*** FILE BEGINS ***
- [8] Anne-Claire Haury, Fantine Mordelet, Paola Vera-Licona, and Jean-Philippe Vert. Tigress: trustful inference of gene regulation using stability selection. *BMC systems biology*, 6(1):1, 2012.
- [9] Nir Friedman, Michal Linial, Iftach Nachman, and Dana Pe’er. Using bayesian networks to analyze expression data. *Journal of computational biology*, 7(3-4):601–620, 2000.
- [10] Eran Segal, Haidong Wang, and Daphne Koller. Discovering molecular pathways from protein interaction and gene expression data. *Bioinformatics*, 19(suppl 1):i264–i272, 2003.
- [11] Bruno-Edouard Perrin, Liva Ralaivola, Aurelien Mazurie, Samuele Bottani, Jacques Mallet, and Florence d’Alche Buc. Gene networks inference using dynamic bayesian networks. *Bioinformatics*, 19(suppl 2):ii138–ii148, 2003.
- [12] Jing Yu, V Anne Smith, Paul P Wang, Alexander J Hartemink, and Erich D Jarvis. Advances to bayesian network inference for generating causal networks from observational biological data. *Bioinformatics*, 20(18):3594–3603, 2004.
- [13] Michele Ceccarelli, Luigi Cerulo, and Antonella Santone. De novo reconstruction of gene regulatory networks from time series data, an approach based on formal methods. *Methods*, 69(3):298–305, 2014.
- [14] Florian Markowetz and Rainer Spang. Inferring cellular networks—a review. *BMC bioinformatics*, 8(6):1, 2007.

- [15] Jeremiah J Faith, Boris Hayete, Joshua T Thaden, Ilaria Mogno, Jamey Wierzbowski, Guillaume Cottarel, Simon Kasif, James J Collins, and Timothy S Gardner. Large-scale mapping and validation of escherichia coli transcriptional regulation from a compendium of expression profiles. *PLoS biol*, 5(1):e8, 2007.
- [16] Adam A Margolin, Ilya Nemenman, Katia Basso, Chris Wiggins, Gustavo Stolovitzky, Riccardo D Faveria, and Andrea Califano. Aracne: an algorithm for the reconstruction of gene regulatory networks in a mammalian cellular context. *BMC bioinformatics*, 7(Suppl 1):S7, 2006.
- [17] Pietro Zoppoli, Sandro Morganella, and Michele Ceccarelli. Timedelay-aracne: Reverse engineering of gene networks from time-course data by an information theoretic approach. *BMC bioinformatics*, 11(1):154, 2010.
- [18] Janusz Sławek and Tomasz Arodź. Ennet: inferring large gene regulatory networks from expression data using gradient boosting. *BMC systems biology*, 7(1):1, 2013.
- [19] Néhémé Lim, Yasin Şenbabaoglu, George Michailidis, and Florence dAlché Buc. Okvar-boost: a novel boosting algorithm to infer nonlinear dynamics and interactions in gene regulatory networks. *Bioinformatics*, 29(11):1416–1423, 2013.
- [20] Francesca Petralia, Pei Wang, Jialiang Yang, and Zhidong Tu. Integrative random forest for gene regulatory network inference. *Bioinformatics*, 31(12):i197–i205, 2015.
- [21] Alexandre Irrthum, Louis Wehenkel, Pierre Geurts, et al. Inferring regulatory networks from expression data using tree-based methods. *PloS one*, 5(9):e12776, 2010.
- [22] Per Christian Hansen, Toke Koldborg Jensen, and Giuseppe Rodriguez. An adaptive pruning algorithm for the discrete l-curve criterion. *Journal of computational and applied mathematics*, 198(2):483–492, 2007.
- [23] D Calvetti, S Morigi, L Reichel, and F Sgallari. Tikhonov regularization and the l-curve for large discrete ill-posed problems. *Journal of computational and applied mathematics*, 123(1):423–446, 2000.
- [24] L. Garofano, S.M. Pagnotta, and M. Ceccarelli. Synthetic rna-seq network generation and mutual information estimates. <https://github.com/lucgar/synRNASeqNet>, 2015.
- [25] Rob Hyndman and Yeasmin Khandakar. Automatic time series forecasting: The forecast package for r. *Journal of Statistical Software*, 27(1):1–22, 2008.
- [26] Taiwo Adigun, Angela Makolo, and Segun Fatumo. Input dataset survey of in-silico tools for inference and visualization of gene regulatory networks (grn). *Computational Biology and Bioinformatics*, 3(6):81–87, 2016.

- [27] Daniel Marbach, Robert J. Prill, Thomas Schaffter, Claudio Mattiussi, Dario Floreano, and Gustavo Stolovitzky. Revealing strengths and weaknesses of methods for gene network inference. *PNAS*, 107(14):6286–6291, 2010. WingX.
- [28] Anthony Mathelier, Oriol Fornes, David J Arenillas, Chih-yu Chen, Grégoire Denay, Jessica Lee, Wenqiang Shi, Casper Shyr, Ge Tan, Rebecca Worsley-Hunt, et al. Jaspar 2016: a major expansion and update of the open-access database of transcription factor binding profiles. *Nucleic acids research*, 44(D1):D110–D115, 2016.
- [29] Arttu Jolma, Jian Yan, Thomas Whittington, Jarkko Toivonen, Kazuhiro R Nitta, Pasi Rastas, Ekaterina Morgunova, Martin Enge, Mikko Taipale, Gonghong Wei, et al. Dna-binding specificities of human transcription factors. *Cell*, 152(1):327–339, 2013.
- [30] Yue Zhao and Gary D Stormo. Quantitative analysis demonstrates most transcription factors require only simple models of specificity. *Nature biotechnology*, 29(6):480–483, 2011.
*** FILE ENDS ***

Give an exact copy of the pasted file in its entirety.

- [8] Anne-Claire Haury, Fantine Mordelet, Paola Vera-Licona, and Jean-Philippe Vert. Tigress: trustful inference of gene regulation using stability selection. *BMC systems biology*, 6(1):1, 2012.
- [9] Nir Friedman, Michal Linial, Iftach Nachman, and Dana Pe’er. Using bayesian networks to analyze expression data. *Journal of computational biology*, 7(3-4):601–620, 2000.
- [10] Eran Segal, Haidong Wang, and Daphne Koller. Discovering molecular pathways from protein interaction and gene expression data. *Bioinformatics*, 19(suppl 1):i264–i272, 2003.
- [11] Bruno-Edouard Perrin, Liva Ralaivola, Aurelien Mazurie, Samuele Bottani, Jacques Mallet, and Florence d’Alche Buc. Gene networks inference using dynamic bayesian networks. *Bioinformatics*, 19(suppl 2):ii138–ii148, 2003.
- [12] Jing Yu, V Anne Smith, Paul P Wang, Alexander J Hartemink, and Erich D Jarvis. Advances to bayesian network inference for generating causal networks from observational biological data. *Bioinformatics*, 20(18):3594–3603, 2004.
- [13] Michele Ceccarelli, Luigi Cerulo, and Antonella Santone. De novo reconstruction of gene regulatory networks from time series data, an approach based on formal methods. *Methods*, 69(3):298–305, 2014.
- [14] Florian Markowetz and Rainer Spang. Inferring cellular networks—a review. *BMC bioinformatics*, 8(6):1, 2007.

- [15] Jeremiah J Faith, Boris Hayete, Joshua T Thaden, Ilaria Mogno, Jamey Wierzbowski, Guillaume Cottarel, Simon Kasif, James J Collins, and Timothy S Gardner. Large-scale mapping and validation of escherichia coli transcriptional regulation from a compendium of expression profiles. *PLoS biol*, 5(1):e8, 2007.
- [16] Adam A Margolin, Ilya Nemenman, Katia Basso, Chris Wiggins, Gustavo Stolovitzky, Riccardo D Faveria, and Andrea Califano. Aracne: an algorithm for the reconstruction of gene regulatory networks in a mammalian cellular context. *BMC bioinformatics*, 7(Suppl 1):S7, 2006.
- [17] Pietro Zoppoli, Sandro Morganella, and Michele Ceccarelli. Timedelay-aracne: Reverse engineering of gene networks from time-course data by an information theoretic approach. *BMC bioinformatics*, 11(1):154, 2010.
- [18] Janusz Sławek and Tomasz Arodź. Ennet: inferring large gene regulatory networks from expression data using gradient boosting. *BMC systems biology*, 7(1):1, 2013.
- [19] Néhémé Lim, Yasin Şenbabaoglu, George Michailidis, and Florence dAlché Buc. Okvar-boost: a novel boosting algorithm to infer nonlinear dynamics and interactions in gene regulatory networks. *Bioinformatics*, 29(11):1416–1423, 2013.
- [20] Francesca Petralia, Pei Wang, Jialiang Yang, and Zhidong Tu. Integrative random forest for gene regulatory network inference. *Bioinformatics*, 31(12):i197–i205, 2015.
- [21] Alexandre Irrthum, Louis Wehenkel, Pierre Geurts, et al. Inferring regulatory networks from expression data using tree-based methods. *PloS one*, 5(9):e12776, 2010.
- [22] Per Christian Hansen, Toke Koldborg Jensen, and Giuseppe Rodriguez. An adaptive pruning algorithm for the discrete l-curve criterion. *Journal of computational and applied mathematics*, 198(2):483–492, 2007.
- [23] D Calvetti, S Morigi, L Reichel, and F Sgallari. Tikhonov regularization and the l-curve for large discrete ill-posed problems. *Journal of computational and applied mathematics*, 123(1):423–446, 2000.
- [24] L. Garofano, S.M. Pagnotta, and M. Ceccarelli. Synthetic rna-seq network generation and mutual information estimates. <https://github.com/lucgar/synRNASeqNet>, 2015.
- [25] Rob Hyndman and Yeasmin Khandakar. Automatic time series forecasting: The forecast package for r. *Journal of Statistical Software*, 27(1):1–22, 2008.
- [26] Taiwo Adigun, Angela Makolo, and Segun Fatumo. Input dataset survey of in-silico tools for inference and visualization of gene regulatory networks (grn). *Computational Biology and Bioinformatics*, 3(6):81–87, 2016.

- [27] Daniel Marbach, Robert J. Prill, Thomas Schaffter, Claudio Mattiussi, Dario Floreano, and Gustavo Stolovitzky. Revealing strengths and weaknesses of methods for gene network inference. *PNAS*, 107(14):6286–6291, 2010. WingX.
- [28] Anthony Mathelier, Oriol Fornes, David J Arenillas, Chih-yu Chen, Grégoire Denay, Jessica Lee, Wenqiang Shi, Casper Shyr, Ge Tan, Rebecca Worsley-Hunt, et al. Jaspar 2016: a major expansion and update of the open-access database of transcription factor binding profiles. *Nucleic acids research*, 44(D1):D110–D115, 2016.
- [29] Arttu Jolma, Jian Yan, Thomas Whittington, Jarkko Toivonen, Kazuhiro R Nitta, Pasi Rastas, Ekaterina Morgunova, Martin Enge, Mikko Taipale, Gonghong Wei, et al. Dna-binding specificities of human transcription factors. *Cell*, 152(1):327–339, 2013.
- [30] Yue Zhao and Gary D Stormo. Quantitative analysis demonstrates most transcription factors require only simple models of specificity. *Nature biotechnology*, 29(6):480–483, 2011.